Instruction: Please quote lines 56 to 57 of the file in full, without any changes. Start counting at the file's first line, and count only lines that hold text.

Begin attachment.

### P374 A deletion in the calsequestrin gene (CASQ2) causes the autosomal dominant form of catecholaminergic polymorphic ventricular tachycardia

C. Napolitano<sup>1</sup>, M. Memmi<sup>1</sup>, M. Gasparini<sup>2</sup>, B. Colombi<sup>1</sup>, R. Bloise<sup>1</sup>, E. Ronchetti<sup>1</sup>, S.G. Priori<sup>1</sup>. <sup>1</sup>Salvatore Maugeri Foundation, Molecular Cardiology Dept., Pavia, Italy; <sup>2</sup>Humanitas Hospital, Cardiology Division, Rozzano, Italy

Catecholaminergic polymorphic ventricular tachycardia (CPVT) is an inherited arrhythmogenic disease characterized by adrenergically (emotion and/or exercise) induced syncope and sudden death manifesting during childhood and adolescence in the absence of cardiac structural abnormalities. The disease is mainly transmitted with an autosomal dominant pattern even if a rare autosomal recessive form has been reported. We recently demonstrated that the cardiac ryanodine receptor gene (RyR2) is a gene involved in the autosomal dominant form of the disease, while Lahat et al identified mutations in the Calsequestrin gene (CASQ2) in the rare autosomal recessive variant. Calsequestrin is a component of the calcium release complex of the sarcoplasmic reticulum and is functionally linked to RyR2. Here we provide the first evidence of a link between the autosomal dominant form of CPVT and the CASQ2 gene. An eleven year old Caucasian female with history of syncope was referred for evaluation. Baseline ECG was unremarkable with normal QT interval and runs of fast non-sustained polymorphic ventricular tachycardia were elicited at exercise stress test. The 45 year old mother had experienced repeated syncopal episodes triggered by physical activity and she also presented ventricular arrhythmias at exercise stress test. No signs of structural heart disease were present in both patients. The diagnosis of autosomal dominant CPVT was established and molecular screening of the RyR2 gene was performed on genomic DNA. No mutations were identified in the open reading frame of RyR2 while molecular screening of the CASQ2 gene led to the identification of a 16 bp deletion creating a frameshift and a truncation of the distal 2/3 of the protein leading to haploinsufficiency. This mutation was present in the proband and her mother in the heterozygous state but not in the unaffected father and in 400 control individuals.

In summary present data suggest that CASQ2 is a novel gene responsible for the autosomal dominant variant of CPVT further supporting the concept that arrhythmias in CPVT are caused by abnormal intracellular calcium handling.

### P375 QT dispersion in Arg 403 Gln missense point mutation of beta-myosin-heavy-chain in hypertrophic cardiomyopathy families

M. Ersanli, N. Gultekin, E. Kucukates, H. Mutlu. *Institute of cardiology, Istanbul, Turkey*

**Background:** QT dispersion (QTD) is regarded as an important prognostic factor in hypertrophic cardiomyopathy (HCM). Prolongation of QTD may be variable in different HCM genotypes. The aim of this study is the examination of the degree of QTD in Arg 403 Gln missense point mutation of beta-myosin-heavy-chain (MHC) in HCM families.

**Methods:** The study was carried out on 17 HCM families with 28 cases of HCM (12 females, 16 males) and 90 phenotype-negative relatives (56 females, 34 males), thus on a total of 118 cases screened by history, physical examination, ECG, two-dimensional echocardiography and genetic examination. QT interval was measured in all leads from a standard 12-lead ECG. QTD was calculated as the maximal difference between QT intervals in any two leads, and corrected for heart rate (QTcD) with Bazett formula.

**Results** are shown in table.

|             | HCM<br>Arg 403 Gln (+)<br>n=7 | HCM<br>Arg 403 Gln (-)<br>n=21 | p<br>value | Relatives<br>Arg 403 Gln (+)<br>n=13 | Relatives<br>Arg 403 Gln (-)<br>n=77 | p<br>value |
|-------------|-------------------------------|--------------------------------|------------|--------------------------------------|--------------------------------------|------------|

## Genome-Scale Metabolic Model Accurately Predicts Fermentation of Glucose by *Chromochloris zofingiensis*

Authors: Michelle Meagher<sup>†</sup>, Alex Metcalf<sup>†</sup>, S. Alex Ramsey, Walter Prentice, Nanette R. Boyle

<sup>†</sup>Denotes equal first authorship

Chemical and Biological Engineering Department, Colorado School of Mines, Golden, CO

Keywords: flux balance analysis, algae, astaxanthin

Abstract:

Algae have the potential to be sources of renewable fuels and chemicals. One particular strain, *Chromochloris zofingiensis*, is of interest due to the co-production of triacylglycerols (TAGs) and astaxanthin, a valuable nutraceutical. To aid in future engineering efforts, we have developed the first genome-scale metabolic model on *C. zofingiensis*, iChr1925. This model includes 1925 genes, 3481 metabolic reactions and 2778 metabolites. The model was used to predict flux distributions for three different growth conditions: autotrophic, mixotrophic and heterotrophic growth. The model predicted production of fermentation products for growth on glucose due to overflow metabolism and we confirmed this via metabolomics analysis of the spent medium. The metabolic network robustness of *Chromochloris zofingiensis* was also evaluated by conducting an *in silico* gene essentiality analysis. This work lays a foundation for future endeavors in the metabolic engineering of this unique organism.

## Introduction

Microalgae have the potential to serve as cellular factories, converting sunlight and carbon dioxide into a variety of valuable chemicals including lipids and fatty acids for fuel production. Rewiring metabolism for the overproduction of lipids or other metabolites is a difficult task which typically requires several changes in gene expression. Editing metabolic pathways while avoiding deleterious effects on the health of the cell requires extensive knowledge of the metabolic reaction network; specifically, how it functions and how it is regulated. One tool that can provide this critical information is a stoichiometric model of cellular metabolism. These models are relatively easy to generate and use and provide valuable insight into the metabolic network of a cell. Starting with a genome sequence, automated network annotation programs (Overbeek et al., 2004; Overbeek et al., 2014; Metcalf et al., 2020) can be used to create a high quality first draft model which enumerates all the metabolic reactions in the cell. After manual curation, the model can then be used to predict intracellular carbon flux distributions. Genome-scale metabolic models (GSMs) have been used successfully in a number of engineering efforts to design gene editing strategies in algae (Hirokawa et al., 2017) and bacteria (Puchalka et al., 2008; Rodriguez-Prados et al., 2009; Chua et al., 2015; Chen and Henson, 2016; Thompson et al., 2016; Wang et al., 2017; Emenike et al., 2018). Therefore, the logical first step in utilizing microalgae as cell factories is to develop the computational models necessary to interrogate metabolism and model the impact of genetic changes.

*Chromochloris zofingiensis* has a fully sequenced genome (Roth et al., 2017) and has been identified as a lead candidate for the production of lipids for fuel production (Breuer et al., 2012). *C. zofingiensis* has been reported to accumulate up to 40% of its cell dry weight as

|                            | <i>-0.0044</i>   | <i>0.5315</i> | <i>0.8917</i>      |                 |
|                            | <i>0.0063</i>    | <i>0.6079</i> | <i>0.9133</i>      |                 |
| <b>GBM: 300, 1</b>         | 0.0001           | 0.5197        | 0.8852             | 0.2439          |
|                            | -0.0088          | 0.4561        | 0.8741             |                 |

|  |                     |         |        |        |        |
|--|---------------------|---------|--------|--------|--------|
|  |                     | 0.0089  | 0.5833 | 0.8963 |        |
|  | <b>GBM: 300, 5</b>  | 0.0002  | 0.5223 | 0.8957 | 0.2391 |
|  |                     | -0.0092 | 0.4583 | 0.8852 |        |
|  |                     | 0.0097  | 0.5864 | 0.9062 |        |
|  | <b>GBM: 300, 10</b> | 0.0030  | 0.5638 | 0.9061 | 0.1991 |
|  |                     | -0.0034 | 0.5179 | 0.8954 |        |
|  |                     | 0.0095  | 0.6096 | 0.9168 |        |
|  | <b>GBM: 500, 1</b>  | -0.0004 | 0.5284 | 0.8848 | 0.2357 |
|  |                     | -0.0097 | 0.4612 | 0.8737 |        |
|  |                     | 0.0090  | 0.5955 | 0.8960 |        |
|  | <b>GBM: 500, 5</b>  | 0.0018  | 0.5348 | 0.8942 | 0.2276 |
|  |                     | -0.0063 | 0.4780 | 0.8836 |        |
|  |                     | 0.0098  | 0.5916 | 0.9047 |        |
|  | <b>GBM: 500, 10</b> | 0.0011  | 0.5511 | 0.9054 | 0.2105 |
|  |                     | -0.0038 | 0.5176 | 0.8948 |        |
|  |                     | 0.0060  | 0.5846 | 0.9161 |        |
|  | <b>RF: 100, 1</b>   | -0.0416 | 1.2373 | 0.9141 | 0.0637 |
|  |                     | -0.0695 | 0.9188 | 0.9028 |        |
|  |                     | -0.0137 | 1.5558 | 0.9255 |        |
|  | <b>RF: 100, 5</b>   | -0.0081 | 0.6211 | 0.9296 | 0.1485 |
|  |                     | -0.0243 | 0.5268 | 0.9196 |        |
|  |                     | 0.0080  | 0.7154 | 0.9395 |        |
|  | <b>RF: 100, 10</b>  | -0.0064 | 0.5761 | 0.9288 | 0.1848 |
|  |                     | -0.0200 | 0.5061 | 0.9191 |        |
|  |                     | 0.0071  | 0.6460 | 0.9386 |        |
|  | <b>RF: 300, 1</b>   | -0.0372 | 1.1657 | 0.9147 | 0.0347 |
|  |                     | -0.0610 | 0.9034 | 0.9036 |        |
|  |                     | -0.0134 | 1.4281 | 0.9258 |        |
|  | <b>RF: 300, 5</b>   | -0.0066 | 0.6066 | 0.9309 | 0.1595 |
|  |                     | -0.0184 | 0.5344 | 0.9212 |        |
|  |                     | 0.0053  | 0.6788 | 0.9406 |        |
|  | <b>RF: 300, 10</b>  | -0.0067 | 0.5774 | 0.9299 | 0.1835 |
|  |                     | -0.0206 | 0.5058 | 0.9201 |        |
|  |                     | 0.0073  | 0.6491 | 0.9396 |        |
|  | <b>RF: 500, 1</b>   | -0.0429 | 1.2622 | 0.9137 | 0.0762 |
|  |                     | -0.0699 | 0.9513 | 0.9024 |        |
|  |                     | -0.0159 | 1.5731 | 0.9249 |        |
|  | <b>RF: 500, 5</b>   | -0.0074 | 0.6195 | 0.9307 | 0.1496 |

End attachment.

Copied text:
|  | <b>RF: 300, 5</b>   | -0.0066 | 0.6066 | 0.9309 | 0.1595 |
|  |                     | -0.0184 | 0.5344 | 0.9212 |        |